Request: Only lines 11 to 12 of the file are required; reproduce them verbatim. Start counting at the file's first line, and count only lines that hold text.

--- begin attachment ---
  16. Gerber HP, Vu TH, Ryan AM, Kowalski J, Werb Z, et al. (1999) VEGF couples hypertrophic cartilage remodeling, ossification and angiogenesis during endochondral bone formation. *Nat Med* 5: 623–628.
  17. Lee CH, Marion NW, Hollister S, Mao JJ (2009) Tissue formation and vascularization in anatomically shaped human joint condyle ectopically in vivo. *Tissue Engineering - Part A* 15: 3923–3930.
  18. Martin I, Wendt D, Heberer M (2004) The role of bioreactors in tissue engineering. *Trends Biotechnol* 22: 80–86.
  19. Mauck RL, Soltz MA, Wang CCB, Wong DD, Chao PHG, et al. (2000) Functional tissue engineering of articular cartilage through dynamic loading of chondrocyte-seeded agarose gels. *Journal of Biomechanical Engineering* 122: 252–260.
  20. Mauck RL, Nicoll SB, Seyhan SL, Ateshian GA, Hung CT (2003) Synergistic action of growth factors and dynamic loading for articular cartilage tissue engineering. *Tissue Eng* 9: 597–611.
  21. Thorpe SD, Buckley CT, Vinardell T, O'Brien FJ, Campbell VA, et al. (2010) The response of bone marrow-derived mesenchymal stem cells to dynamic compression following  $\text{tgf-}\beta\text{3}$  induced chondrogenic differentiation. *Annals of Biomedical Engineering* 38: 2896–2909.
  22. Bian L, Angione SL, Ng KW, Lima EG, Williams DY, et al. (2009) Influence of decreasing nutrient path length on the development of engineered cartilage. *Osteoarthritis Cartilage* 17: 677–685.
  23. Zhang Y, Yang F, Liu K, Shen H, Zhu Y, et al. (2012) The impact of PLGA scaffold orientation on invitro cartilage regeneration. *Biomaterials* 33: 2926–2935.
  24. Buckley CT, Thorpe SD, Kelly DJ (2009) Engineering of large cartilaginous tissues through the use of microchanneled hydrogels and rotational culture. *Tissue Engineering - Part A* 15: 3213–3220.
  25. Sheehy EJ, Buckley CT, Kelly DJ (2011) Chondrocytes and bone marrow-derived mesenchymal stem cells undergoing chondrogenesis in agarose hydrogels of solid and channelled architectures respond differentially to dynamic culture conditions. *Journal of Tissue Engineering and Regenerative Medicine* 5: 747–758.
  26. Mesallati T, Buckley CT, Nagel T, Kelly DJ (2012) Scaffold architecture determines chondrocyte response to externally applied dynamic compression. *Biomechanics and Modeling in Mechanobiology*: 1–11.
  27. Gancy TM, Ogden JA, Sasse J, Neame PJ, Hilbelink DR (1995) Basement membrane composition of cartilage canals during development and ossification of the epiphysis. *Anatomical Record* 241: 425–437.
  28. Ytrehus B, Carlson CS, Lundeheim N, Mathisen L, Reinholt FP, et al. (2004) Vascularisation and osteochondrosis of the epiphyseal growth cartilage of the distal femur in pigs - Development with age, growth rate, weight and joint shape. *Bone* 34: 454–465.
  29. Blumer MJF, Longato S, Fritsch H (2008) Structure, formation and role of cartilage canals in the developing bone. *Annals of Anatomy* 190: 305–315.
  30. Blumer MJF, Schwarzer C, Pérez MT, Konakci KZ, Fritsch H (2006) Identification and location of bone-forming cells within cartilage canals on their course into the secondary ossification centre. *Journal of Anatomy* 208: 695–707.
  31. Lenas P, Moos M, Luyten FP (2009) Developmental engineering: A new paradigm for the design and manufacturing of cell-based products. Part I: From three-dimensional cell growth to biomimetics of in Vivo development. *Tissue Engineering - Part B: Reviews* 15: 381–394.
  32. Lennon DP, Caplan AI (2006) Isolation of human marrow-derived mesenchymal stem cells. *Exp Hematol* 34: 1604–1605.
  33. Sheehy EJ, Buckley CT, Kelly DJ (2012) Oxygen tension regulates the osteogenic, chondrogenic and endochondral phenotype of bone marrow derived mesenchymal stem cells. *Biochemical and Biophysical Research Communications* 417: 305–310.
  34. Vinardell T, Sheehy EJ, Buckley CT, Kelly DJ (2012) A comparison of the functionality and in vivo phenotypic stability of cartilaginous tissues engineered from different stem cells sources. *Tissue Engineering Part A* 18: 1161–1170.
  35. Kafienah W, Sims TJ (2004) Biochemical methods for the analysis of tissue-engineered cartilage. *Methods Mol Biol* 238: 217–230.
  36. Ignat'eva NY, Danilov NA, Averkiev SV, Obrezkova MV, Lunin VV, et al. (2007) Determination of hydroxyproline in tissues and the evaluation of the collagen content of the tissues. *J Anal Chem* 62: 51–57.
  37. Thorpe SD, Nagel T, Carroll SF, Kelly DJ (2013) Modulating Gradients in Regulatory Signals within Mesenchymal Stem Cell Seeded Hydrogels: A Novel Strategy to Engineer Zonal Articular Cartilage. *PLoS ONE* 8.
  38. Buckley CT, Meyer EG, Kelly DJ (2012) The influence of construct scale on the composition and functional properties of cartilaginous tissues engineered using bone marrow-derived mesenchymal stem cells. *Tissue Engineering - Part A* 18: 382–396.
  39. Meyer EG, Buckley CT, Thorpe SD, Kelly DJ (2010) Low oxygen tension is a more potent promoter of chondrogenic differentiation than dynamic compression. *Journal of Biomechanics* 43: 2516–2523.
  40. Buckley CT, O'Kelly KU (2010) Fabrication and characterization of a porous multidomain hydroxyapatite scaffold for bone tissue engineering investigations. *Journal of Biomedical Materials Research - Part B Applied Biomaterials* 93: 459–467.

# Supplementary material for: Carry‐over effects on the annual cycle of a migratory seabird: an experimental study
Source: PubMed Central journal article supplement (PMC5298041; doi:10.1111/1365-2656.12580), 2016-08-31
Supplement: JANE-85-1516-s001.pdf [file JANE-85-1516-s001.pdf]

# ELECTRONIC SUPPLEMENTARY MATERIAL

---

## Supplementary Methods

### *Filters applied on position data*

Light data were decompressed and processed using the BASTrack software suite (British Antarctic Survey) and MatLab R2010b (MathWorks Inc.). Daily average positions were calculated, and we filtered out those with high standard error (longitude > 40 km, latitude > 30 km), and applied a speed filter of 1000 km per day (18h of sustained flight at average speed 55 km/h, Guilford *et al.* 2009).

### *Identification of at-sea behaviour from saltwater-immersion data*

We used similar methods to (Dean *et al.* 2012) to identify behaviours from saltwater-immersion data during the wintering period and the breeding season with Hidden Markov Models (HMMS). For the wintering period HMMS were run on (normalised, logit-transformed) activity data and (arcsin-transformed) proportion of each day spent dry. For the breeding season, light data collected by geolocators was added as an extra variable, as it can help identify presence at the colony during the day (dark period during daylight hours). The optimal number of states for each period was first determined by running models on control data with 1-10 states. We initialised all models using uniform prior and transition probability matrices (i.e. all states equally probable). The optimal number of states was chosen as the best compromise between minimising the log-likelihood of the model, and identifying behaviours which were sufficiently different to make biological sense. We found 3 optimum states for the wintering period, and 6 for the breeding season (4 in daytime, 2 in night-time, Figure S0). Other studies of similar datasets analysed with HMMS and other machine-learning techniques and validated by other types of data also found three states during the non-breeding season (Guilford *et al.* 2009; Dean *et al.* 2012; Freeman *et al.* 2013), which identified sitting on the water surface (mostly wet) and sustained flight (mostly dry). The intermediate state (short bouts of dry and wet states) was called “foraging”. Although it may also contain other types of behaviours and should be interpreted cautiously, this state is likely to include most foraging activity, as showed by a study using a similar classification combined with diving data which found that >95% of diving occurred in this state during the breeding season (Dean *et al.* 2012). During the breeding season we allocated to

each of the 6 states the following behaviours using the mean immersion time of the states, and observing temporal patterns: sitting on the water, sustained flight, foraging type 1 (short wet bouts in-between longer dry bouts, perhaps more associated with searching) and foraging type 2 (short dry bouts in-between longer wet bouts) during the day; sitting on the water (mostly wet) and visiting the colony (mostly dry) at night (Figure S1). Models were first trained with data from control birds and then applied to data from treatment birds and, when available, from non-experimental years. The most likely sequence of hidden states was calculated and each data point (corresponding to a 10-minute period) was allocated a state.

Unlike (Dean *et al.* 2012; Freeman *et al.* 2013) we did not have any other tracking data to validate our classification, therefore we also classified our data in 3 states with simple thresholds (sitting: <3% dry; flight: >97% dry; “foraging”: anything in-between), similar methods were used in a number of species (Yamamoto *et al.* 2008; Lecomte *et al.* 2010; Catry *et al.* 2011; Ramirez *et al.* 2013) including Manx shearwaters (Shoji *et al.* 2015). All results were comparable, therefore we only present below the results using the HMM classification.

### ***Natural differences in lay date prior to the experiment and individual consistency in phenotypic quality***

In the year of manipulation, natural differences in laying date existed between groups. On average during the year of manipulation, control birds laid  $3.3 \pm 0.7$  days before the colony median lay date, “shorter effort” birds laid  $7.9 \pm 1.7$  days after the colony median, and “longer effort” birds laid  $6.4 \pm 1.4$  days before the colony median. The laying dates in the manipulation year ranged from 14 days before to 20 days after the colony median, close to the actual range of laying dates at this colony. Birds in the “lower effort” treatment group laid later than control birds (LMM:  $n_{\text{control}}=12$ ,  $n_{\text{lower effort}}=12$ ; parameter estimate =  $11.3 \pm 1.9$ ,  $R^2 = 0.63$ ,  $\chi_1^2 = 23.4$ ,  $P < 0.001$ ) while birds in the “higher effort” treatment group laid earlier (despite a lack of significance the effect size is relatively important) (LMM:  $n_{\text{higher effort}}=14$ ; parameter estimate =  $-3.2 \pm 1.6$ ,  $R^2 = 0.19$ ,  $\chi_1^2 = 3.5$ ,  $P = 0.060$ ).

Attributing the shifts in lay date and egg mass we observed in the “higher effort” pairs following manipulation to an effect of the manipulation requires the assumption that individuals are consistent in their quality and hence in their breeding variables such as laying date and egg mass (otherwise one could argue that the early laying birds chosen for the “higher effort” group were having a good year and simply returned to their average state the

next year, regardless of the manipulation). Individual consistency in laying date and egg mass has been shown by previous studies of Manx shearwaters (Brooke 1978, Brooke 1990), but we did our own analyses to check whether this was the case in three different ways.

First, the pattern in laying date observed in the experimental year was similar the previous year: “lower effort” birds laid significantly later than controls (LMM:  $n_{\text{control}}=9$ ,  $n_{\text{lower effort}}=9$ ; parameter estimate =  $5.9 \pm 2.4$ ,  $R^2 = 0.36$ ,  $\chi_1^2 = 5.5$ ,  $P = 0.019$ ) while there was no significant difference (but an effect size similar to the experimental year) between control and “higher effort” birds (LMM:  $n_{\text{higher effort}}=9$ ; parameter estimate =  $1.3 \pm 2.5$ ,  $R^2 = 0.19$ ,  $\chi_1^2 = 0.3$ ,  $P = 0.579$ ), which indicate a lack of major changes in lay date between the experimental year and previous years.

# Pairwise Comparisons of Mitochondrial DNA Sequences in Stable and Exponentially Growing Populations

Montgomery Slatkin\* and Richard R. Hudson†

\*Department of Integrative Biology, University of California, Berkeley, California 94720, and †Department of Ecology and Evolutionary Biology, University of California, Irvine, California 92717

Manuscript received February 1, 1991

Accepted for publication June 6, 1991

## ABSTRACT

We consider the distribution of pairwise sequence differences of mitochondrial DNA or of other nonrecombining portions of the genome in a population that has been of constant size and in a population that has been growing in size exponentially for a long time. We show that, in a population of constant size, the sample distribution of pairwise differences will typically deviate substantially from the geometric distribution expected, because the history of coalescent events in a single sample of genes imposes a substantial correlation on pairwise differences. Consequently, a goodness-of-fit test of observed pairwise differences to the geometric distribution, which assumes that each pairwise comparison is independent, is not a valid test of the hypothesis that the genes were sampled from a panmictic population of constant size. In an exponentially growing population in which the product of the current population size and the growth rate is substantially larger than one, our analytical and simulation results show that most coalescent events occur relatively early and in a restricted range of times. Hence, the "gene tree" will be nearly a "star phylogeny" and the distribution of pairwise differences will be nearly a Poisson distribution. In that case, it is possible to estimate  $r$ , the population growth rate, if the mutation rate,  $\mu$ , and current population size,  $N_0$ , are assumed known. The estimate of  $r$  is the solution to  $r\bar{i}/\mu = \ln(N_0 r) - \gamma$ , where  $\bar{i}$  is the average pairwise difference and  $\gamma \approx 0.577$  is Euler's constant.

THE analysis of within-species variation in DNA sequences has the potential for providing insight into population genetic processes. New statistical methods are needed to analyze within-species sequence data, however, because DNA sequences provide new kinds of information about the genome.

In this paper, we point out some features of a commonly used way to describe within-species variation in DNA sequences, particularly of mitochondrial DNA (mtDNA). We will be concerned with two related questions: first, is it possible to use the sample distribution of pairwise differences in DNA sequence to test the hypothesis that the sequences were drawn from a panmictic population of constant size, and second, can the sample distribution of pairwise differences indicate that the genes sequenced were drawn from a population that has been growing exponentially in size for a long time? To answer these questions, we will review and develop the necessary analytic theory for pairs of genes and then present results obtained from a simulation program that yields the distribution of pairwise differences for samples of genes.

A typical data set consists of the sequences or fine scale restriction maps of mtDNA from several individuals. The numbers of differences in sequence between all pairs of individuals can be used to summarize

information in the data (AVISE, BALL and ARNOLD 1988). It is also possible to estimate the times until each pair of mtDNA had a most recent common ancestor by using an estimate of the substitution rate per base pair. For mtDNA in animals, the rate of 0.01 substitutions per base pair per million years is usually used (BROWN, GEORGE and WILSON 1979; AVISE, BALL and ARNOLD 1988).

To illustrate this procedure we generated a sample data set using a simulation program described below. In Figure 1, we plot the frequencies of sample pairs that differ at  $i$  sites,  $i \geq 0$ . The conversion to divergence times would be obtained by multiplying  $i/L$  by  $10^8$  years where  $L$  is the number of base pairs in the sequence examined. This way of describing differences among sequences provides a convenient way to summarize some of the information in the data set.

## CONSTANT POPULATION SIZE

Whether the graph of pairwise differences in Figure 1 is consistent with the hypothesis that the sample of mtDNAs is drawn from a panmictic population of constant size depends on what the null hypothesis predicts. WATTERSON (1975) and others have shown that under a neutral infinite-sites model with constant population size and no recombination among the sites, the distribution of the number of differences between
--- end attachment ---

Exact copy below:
  26. Mesallati T, Buckley CT, Nagel T, Kelly DJ (2012) Scaffold architecture determines chondrocyte response to externally applied dynamic compression. *Biomechanics and Modeling in Mechanobiology*: 1–11.
  27. Gancy TM, Ogden JA, Sasse J, Neame PJ, Hilbelink DR (1995) Basement membrane composition of cartilage canals during development and ossification of the epiphysis. *Anatomical Record* 241: 425–437.